There were several activities throughout the week that took a great deal of coordination — jumping over cones, completing figure eights, etc. I have done these things before in my life but I am not naturally coordinated. It took me lots of time to catch on to the way my feet were supposed to move. But, I found that by the time I had figured it out, time was up. As the week went on, steps repeated so it became a bit easier. However, this experience reminded me how important time and predictable structure were for our kids-both of these give them a chance to be successful. I can’t expect kids to be experts at something on their first try.
Frustration Is Sometimes High
On the fourth day of camp, I had a fifteen-minute stretch where my frustration level was higher than it had been. I was almost angry. It has been a hard first half and my body had had it. I was able to pace myself through it. But had I been pushed beyond my limits at this level, I probably would have had unkind words to say to our trainer and the people around me. Frustration is part of learning, and kids handle it differently than we do. I have to pay close attention to students who tell me they can’t do something when I know they can — is it that they can’t do it now because they are at their limit?
The Jumping Girl
On the first day of class, as I was struggling to keep my feet going in the right direction, I noticed that one of the girls jumped and leaped for every squat that we did. I didn’t feel compelled to jump along with her. I was working at my limit and she was clearly in better shape than all of us. But then I noticed a few other people jumping as the week went on. By Friday, 4 or 5 people were jumping. Now The Jumping Girl is my inspiration. Maybe I can join the jumpers one day. I am okay where I am now, but I have a goal to work toward. I can see that she is pacing herself just as I am and I wonder if I keep working if I can do what she does. Her needs are being met and so are mine. I appreciate having the variety in the class, and it’s a reminder of how all needs can be met when competition is not part of the goal.
Short Periods with Others of Your Ability
We have center-type activities during most days of boot camp. We go from station to station to complete a circuit. I am not sure how he grouped us, but lots of the people in our group are first-time campers. This is comforting to me when the work is hard. It is nice to be in a group for a small portion of the day — for that very hard work with weights — that is working close to my level.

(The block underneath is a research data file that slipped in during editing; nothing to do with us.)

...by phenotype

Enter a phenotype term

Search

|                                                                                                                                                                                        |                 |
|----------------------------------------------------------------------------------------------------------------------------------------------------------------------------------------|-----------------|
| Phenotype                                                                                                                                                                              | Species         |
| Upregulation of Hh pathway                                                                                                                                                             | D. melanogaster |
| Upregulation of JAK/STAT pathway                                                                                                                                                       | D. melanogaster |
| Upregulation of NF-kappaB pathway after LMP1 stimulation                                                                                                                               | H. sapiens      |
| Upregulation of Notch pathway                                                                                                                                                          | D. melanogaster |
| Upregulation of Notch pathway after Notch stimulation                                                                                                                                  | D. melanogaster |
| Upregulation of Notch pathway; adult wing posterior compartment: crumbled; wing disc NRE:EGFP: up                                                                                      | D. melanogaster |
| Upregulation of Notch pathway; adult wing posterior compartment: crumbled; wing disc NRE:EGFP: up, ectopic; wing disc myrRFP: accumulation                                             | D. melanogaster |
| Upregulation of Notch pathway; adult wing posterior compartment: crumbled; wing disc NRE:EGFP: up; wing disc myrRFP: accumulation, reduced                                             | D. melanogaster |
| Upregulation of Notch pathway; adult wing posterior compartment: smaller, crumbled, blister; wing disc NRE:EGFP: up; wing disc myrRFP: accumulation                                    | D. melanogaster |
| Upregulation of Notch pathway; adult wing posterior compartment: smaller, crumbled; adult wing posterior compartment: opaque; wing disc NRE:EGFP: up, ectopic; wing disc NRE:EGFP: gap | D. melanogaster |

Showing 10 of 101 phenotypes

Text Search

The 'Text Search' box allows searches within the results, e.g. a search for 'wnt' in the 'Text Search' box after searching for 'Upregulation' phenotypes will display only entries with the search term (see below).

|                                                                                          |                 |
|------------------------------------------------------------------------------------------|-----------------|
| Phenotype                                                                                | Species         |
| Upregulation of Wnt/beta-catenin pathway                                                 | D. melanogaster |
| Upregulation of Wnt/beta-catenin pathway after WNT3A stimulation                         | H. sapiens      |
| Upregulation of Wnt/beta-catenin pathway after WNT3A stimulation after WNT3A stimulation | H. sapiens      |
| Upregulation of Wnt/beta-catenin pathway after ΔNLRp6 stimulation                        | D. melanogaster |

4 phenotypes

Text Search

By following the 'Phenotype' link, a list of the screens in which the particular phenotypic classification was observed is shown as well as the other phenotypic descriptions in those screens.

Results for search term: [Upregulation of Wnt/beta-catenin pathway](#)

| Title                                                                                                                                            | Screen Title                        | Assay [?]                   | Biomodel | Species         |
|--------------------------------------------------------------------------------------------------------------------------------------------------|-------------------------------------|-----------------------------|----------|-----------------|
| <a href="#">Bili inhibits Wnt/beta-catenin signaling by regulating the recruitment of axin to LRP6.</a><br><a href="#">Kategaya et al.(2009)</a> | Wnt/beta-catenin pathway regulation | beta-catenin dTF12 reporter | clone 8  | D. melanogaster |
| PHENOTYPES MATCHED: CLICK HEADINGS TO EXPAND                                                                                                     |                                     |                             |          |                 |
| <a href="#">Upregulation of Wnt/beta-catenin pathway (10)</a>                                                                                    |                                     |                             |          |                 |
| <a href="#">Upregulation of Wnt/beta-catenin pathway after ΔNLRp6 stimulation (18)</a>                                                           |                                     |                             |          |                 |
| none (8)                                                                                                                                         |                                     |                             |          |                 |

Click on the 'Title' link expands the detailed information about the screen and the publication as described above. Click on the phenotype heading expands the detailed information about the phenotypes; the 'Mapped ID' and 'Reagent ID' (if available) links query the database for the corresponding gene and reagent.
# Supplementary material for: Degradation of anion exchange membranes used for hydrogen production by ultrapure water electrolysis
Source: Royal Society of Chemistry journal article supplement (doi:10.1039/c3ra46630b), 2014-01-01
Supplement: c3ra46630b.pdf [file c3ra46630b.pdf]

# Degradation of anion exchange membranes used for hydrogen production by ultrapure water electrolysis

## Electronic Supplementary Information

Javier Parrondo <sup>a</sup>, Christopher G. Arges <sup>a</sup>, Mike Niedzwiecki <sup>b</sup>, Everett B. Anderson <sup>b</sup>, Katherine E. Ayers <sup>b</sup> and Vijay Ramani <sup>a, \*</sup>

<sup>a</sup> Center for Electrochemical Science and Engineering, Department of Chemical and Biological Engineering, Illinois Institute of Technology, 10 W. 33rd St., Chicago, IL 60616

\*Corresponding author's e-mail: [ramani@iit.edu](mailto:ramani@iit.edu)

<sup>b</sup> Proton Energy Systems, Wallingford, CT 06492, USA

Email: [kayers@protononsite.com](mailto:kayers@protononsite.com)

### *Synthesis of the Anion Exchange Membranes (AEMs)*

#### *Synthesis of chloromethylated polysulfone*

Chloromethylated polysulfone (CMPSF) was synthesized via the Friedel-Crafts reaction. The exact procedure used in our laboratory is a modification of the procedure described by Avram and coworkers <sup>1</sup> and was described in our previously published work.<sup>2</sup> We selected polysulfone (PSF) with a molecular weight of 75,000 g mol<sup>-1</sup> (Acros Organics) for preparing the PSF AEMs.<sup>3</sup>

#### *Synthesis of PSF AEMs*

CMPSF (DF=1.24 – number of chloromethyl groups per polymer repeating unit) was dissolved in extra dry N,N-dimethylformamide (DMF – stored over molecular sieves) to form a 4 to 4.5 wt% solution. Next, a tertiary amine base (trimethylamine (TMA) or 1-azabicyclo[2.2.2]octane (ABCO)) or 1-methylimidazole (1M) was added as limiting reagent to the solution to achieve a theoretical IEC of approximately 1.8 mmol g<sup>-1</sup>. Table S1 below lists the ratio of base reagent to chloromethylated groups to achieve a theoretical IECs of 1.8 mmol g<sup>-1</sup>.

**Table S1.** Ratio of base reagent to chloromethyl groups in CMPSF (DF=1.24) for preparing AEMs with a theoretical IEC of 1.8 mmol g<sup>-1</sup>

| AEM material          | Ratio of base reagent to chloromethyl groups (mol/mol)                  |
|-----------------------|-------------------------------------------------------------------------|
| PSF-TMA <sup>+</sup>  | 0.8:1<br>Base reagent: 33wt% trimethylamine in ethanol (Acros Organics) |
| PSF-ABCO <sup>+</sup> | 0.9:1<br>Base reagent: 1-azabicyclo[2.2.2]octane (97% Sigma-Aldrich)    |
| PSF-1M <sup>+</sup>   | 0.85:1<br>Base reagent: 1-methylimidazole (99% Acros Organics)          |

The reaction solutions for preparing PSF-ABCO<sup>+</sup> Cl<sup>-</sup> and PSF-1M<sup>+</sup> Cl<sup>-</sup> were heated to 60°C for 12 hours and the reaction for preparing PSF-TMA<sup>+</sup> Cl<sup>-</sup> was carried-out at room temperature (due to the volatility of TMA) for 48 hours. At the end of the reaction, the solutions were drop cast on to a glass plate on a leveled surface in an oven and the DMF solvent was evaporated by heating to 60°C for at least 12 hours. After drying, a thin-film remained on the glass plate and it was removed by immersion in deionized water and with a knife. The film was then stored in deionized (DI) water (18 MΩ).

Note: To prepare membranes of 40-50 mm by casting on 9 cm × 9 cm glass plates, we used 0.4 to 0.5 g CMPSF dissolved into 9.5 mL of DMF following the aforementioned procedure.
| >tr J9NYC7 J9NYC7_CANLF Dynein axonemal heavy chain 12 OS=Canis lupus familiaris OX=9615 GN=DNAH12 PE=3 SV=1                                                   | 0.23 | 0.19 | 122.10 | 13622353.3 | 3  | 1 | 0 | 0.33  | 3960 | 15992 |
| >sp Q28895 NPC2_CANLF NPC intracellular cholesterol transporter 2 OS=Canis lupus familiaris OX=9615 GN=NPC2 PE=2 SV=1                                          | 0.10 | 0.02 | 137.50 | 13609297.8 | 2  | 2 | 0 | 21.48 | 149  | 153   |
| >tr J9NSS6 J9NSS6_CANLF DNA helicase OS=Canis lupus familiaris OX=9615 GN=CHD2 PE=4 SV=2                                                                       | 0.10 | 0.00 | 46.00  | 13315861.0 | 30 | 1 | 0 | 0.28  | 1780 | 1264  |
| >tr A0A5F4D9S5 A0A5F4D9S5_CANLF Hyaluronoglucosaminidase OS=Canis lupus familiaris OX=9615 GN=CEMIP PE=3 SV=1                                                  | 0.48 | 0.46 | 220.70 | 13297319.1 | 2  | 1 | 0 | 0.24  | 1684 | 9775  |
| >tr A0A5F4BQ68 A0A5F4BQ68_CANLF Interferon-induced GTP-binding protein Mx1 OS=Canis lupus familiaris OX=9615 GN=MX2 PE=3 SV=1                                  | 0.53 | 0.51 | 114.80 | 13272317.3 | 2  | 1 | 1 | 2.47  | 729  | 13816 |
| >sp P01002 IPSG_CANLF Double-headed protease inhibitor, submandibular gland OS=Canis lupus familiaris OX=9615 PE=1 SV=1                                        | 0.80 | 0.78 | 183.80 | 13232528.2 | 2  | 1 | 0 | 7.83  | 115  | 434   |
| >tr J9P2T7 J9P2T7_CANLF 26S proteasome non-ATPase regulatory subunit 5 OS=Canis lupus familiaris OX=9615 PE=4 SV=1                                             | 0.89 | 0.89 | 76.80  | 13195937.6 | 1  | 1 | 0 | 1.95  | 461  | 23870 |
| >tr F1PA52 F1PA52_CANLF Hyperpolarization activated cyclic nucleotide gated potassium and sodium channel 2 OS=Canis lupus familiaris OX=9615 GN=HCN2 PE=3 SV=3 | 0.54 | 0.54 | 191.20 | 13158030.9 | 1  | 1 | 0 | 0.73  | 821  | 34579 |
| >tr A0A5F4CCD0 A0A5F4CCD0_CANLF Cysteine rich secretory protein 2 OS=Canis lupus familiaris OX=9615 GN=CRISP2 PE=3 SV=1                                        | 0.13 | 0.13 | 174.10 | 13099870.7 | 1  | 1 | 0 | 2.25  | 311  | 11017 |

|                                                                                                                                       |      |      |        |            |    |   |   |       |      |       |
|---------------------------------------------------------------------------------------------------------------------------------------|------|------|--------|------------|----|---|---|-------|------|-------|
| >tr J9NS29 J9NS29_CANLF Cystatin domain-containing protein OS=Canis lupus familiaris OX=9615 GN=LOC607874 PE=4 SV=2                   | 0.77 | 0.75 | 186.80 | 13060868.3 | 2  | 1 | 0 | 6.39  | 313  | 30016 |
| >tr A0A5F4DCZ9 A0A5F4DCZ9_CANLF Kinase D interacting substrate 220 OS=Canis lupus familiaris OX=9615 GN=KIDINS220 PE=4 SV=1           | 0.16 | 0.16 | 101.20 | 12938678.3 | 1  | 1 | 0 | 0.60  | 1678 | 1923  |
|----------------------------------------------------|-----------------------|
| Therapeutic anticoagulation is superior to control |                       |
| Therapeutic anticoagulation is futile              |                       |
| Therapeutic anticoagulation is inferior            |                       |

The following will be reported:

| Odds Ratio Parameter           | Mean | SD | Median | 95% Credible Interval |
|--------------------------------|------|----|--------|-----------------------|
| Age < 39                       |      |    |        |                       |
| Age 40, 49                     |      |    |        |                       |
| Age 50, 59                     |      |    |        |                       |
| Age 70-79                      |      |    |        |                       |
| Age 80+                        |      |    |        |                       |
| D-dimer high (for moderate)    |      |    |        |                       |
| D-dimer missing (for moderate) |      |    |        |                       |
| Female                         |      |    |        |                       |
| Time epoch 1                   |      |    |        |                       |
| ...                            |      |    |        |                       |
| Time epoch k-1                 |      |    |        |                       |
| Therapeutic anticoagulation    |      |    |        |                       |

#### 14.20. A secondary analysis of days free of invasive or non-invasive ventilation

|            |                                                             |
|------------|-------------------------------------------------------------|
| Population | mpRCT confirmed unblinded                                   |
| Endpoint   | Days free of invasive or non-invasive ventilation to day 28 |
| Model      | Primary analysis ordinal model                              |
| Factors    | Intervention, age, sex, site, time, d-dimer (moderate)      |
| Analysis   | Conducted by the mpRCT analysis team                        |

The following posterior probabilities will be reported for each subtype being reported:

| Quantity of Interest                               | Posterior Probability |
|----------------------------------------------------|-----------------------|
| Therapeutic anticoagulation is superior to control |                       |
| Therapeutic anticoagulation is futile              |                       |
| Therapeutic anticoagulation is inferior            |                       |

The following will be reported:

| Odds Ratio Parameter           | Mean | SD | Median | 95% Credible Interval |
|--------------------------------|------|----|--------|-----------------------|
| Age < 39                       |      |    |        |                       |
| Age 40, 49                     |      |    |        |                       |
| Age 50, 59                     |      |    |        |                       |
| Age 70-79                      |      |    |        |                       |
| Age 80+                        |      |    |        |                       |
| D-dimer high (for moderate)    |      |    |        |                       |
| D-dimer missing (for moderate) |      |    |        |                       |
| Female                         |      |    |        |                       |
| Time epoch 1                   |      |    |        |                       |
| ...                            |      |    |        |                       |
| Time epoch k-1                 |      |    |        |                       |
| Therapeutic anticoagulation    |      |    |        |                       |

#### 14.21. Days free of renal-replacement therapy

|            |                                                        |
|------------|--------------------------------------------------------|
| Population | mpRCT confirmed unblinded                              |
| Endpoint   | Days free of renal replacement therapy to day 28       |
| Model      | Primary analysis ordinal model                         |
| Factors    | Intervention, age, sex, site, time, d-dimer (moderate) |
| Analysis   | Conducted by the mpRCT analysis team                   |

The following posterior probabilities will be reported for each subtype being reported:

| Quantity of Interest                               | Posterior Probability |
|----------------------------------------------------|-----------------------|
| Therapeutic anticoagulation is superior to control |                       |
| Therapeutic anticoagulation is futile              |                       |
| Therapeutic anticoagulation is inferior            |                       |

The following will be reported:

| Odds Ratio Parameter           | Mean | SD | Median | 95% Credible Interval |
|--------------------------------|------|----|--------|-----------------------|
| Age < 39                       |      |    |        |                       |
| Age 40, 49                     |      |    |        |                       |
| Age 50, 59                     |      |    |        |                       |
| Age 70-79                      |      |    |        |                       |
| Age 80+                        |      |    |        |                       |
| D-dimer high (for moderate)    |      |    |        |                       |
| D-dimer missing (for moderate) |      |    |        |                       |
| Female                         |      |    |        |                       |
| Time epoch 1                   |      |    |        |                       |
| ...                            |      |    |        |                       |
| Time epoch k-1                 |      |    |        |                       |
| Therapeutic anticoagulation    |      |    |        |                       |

Finally, Using the Restroom During a Minilesson
I hate when students take restroom breaks during minilessons. I want them to use the restroom at recess, lunch, or on the way to art. But this week, restroom breaks have saved me. Sometimes, during the workout, if I am going to get through it, I need a quick little break. I feel the need to leave the situation and come back to it. A trip to the restroom is more socially acceptable than laying down on my exercise mat for a few minutes. It isn’t necessarily a restroom break that I need. I just need to give myself a one-minute break from the situation so that I can come back ready to finish the workout. I am going to pay closer attention to those students who use the restroom in the midst of minilessons and reading workshop. Do they need a break? Do they come back with a bit more energy once they’ve left the confined feeling they may have in the classroom?
I am finding the whole experience fascinating from a teaching perspective. As adults, we don’t often put ourselves into situations where we struggle. For some of our students, school is a struggle every day. During my first week of boot camp, I have learned that an hour of working hard takes a tremendous amount of physical and mental energy. I have learned lots of strategies that help me move forward. And I have noticed many ways that the instructor runs the class so that our own goals are what are valued. I own my work there. As I look forward to week two of camp, I know it will be hard. But I know what I am working toward and how to pace myself to get there. I hope I can do the same for the struggling students in my classroom each day.